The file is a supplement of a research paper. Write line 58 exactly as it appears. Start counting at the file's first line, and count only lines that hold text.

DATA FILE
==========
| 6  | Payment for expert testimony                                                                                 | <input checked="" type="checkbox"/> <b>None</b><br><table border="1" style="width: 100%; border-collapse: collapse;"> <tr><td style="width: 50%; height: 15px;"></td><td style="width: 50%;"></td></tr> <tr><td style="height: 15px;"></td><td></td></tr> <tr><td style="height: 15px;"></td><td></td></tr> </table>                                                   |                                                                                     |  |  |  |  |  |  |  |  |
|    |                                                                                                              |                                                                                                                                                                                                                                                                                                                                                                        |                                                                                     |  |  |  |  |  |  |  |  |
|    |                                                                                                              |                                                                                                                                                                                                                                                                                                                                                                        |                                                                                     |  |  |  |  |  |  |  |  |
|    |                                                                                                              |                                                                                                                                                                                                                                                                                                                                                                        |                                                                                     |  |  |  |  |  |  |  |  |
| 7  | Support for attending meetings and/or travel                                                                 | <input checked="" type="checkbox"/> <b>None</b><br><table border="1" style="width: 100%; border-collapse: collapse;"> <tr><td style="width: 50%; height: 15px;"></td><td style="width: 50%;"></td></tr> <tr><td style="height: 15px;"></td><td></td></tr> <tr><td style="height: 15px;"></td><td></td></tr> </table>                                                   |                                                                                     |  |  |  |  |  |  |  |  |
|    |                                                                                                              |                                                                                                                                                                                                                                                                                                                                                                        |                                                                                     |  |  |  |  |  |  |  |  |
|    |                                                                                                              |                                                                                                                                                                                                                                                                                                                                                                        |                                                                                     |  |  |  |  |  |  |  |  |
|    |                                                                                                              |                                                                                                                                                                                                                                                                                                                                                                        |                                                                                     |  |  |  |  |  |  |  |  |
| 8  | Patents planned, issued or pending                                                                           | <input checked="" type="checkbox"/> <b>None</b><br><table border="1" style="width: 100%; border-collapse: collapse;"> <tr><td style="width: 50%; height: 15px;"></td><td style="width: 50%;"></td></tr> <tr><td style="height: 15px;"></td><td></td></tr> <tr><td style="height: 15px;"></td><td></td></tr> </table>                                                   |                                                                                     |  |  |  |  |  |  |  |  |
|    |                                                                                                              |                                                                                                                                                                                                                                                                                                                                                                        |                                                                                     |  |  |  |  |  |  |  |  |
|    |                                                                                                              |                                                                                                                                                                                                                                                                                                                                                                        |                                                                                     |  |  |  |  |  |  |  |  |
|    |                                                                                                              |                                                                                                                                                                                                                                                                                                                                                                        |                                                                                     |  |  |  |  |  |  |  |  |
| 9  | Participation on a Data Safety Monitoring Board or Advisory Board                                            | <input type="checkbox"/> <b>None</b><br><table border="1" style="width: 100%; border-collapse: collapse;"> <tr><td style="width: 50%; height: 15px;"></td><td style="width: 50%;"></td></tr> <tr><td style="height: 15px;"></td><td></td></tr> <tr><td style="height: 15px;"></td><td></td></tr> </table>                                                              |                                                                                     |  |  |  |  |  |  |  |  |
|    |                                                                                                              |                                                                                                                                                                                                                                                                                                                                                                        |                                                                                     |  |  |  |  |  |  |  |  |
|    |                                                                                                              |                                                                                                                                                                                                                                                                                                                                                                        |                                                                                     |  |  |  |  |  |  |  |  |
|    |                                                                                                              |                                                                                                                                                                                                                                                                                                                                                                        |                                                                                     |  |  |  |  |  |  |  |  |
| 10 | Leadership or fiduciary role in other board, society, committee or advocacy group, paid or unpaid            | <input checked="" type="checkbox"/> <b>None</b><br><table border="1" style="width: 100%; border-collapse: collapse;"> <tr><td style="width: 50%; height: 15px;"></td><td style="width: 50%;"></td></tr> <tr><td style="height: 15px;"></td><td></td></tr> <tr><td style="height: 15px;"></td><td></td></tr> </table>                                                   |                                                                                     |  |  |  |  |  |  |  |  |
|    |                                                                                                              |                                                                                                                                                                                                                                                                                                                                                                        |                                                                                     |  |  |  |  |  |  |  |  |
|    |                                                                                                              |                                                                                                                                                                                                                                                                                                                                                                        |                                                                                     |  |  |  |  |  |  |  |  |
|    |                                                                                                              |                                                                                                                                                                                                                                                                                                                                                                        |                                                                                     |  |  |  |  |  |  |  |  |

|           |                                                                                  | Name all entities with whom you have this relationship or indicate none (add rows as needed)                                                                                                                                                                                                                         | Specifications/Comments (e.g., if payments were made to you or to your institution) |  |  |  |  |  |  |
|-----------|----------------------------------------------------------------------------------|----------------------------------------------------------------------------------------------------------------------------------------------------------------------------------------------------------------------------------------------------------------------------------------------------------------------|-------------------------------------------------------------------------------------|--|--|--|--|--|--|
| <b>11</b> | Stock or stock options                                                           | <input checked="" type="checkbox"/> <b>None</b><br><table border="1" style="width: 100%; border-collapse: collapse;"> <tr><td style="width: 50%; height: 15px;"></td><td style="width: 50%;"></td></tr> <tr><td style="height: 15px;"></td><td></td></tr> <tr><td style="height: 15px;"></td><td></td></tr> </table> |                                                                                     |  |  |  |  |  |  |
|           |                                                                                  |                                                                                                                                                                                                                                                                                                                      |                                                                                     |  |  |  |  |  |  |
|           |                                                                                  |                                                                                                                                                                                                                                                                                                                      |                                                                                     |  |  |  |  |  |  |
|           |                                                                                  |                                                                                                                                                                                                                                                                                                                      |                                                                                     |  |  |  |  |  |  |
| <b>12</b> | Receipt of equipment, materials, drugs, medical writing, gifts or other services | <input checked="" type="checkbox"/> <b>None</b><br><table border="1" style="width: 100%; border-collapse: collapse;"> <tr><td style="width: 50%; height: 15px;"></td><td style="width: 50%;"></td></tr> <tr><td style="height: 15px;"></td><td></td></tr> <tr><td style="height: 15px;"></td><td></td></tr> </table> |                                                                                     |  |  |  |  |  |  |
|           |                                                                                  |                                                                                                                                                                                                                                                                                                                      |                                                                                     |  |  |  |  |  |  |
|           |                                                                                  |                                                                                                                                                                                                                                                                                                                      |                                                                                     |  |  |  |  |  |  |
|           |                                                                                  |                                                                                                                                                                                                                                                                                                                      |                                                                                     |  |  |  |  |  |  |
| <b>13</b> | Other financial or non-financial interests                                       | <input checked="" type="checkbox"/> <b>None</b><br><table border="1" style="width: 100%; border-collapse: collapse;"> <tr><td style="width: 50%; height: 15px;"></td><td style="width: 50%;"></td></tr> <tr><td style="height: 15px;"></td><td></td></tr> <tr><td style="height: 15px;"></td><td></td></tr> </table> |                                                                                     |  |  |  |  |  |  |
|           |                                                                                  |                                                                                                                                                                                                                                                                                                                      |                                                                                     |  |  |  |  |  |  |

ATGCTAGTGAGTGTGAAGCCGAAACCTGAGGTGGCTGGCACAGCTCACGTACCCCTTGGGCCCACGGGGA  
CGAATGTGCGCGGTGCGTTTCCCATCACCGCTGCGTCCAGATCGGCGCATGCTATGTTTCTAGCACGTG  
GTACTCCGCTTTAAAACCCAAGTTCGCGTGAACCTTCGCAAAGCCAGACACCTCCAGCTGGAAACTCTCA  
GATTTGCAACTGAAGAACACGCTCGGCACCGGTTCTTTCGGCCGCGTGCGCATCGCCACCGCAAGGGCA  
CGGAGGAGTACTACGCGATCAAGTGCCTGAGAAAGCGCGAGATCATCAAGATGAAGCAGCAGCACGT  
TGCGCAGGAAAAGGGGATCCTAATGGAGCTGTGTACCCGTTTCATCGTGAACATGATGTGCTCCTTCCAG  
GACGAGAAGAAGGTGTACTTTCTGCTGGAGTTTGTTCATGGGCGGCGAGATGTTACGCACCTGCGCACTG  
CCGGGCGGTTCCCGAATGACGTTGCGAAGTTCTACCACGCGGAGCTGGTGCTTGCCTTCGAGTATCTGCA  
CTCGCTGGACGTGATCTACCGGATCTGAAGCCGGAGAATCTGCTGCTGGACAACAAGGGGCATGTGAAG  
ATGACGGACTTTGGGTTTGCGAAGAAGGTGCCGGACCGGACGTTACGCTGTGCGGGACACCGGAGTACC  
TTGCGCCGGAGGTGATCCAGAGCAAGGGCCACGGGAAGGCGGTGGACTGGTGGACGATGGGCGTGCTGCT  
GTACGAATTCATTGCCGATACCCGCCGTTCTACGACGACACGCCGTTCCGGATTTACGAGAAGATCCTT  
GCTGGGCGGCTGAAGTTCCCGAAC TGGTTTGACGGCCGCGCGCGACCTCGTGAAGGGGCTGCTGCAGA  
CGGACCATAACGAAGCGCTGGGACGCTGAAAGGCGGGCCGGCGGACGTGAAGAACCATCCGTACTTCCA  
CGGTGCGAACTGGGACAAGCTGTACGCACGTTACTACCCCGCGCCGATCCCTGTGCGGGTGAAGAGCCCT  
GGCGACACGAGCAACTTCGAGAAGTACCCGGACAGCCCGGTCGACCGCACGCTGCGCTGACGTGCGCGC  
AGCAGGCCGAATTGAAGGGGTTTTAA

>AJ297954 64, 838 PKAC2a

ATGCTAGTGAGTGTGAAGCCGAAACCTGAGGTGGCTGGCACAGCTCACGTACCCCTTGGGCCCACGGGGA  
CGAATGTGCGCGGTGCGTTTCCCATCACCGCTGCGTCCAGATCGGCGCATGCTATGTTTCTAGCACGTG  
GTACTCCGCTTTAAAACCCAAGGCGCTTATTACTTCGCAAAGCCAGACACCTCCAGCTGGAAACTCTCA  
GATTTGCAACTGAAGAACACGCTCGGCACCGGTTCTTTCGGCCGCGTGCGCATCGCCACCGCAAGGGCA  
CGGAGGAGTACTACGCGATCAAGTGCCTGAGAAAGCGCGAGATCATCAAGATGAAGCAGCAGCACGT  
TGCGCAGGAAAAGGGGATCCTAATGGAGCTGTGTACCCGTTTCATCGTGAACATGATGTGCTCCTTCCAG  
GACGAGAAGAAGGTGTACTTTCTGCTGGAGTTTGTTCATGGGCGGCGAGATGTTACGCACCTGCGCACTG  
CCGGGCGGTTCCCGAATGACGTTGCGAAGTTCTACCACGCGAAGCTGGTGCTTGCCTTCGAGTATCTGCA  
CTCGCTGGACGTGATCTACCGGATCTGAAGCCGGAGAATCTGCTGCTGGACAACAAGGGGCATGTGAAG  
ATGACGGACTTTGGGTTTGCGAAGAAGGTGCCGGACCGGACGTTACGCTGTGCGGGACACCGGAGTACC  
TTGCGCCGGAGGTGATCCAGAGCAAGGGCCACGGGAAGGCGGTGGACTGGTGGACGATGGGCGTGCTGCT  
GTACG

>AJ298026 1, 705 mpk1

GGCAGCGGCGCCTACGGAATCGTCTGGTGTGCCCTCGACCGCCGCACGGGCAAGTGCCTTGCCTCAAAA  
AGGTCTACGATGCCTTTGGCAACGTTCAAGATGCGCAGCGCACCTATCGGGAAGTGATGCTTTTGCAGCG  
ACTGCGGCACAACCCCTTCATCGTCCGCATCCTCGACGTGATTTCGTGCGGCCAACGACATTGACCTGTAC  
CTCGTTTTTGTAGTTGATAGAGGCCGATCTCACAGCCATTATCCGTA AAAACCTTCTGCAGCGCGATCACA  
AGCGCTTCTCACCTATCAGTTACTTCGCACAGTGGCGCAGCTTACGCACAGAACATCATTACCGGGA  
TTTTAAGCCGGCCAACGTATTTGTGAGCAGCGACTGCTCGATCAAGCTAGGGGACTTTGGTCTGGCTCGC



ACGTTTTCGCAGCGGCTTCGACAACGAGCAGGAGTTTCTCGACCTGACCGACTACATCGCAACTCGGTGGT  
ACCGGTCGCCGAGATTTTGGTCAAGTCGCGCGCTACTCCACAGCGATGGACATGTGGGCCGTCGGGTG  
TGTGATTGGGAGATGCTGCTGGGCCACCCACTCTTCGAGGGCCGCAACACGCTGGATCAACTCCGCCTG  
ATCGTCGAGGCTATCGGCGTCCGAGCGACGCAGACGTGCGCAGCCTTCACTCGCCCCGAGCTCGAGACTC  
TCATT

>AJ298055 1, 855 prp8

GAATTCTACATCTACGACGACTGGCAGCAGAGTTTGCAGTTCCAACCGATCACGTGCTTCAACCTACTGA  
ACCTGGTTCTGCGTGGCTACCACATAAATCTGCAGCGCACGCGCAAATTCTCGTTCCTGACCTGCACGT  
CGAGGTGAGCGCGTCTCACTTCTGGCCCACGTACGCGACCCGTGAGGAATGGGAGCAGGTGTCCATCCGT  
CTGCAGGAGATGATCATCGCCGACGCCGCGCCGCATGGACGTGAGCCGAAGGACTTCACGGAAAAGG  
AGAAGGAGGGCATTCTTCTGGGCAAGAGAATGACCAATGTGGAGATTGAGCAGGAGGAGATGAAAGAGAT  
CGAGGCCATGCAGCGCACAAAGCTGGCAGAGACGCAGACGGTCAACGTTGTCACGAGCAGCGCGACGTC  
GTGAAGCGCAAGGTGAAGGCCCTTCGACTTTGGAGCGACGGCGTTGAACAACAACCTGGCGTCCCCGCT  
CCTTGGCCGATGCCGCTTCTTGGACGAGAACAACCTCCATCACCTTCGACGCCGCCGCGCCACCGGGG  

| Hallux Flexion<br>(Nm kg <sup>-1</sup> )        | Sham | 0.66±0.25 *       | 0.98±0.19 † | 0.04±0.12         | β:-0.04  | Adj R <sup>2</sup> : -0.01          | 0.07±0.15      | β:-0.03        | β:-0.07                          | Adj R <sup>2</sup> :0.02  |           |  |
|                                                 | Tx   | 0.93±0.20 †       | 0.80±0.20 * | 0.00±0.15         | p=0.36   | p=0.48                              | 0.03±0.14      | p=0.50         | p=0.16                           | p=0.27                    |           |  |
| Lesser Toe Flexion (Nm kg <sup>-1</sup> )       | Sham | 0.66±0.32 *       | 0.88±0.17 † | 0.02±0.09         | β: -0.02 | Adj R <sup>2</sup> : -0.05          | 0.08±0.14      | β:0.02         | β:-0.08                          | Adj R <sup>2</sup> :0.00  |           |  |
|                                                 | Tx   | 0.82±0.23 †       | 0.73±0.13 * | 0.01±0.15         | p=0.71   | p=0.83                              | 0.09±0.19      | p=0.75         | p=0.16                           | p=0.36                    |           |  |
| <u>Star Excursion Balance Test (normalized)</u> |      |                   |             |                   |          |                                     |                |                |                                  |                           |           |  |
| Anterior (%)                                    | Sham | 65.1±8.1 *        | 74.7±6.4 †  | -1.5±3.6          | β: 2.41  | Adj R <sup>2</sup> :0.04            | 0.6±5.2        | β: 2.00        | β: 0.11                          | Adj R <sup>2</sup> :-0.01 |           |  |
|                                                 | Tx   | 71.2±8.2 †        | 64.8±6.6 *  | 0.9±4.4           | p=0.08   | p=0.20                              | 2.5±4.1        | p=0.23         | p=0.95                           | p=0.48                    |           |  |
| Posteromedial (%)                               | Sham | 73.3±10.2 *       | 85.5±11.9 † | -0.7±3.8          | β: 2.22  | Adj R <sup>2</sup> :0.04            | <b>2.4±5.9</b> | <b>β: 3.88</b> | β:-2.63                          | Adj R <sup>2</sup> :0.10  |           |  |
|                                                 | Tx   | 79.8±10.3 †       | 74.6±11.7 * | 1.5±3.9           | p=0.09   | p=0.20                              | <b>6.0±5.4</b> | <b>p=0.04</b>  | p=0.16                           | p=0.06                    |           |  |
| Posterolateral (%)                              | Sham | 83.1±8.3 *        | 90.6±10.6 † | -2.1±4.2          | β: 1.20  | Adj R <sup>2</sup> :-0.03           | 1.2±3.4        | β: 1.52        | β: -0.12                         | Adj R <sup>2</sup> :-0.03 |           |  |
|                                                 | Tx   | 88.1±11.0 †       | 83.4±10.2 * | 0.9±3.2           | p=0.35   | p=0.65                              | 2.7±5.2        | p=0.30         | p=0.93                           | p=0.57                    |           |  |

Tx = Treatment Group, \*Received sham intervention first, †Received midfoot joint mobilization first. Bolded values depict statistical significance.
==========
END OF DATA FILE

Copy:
CCGGGCGGTTCCCGAATGACGTTGCGAAGTTCTACCACGCGAAGCTGGTGCTTGCCTTCGAGTATCTGCA  